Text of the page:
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Lies Have Been Told

First Published 17 April 2008, Last Updated 22 April 2008

Lies Have Been Told about Robert Maxwell. He’s not the man we all thought he was and has risen from the dead to set the record straight. In doing so he deals only in indisputable fact, not spin-twisted tales and tittle-tattle. He tells us this again and again. So was he really more than a pension pilfering media mogul? Matthew Amer attended the first night of Rod Beacham’s new play to find out.

Robert Maxwell strikes me as a fairly nice chap. He is pleasant enough to the rest of the press night audience and to me, addressing us personally, making us feel at home in the intimate 100-seat Trafalgar Studio 2.

The small theatre has been transformed into a study for Maxwell’s tale; polished wood furniture is garnished with white plastic fax machines and phones, a spot of bubbly and a tub of caviar.

Maxwell, played by Philip York, whose original idea led to the creation of the production, is at home and relaxed in these surrounds; unsurprised 100 people have joined him in his place of work. His story unfolds, as he tells it, both in the present and as recollections. While in the process of attempting to buy a number of papers, he looks back over his life, disposing of his costume padding to become the young, lean Robert Maxwell who fought with the allies in the Second World War. This is the pattern for the show; it switches from direct conversation engaging the audience, to action as it happens and retelling of events from the past.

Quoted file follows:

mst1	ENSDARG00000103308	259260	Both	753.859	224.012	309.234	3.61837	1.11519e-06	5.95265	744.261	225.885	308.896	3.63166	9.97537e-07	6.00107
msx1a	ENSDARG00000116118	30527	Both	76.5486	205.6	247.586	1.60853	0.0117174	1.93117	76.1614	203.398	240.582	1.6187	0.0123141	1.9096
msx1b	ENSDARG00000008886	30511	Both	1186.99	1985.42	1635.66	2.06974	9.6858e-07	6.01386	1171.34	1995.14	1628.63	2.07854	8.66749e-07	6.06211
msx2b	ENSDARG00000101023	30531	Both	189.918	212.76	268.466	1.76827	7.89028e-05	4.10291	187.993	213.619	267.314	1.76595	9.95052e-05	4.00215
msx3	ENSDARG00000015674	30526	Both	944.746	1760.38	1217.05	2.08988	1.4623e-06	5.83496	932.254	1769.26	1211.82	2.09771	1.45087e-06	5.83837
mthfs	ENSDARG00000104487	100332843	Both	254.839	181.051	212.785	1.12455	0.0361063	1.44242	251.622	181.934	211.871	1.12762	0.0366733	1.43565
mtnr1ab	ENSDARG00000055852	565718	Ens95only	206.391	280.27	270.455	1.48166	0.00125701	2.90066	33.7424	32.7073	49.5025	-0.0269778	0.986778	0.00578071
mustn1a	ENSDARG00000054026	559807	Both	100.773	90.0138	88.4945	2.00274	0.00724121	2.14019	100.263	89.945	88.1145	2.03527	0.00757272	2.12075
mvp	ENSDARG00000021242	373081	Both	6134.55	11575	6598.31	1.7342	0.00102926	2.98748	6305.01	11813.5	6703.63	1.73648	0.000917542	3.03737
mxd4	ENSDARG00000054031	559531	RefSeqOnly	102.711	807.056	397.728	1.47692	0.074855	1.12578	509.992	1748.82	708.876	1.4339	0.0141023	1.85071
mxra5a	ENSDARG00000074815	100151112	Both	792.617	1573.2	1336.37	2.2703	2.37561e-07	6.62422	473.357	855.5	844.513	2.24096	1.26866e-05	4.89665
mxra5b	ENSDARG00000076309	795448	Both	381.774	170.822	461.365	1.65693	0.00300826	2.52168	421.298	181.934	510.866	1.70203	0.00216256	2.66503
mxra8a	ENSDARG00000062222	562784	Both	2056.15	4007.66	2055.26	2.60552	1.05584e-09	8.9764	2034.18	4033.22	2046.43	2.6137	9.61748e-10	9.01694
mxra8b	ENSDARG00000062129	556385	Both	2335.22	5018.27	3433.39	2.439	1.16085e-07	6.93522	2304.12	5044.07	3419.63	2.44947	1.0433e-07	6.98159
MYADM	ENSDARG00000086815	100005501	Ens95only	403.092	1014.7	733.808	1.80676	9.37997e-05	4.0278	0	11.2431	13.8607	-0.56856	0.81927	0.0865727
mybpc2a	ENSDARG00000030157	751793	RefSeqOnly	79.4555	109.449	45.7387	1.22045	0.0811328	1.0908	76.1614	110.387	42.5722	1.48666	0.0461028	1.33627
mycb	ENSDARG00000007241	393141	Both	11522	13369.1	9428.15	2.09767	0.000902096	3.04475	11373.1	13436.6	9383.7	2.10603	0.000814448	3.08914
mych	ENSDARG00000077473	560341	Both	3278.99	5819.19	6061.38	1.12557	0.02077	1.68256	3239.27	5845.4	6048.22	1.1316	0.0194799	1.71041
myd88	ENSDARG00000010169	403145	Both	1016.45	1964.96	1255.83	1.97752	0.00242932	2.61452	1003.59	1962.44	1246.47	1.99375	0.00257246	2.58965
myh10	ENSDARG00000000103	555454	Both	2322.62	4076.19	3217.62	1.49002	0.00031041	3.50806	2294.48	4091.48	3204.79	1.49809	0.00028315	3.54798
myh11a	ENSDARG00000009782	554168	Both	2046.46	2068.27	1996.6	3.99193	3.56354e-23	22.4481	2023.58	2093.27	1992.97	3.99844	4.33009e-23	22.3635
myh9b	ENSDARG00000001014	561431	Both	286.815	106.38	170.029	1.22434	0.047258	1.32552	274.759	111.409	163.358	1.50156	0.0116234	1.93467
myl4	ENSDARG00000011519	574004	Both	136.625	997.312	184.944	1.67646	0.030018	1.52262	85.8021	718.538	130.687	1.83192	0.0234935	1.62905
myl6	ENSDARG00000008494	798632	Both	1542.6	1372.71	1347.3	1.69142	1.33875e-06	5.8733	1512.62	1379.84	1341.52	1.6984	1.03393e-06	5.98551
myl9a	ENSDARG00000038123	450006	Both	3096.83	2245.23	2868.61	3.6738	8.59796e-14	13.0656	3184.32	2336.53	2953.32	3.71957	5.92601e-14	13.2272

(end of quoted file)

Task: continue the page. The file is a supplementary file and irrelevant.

Maxwell’s greed is apparent. He spends much of the evening glugging champagne like Diet Coke and munching caviar piled like mini-mountains onto crackers. But even with the greed and disregard, Maxwell’s charisma makes him likeable. You can’t help but enjoy being in his company and listening to what he has to say. He even explains his technique for manipulating people and still you want to listen to him. Nefarious he may have been, but maybe death has changed him for the better, for during the two hours we spent together he was fine company, always ready with a witticism to get him through.

It is not all good humour and laughs. The good-natured, everybody’s friend Bob Maxwell becomes serious and thoughtful when talking about his family who were killed by the Nazis, becomes angered when referred to as a foreigner or an outsider, and takes a very sinister turn when talking about playing dirty. He’s not always amiable, and these turns often come as a shock.

What Maxwell does clearly recognise and point out on a couple of occasions, is that people will believe whatever they want to believe, whether it is the truth or not. He tells two different stories about his escape from the Nazis – one involving a disabled guard of whom Maxwell claims “I should have killed him, but he only had one arm!” – and at least three different scenarios for his eventual death.

How much of what he tells us is the truth and how much fabrication? Can he actually be believed, and even if he can, can you believe a play presenting the words of someone who cannot argue against them? I don’t think it matters as, for the two hours spent in Maxwell’s company, we can believe exactly what we want to, as he says. And as I said, I quite like him, he seems like a nice enough chap and tells an enthralling story.

Lies Have Been Told plays at the Trafalgar Studio 2 until 28 January.

MA

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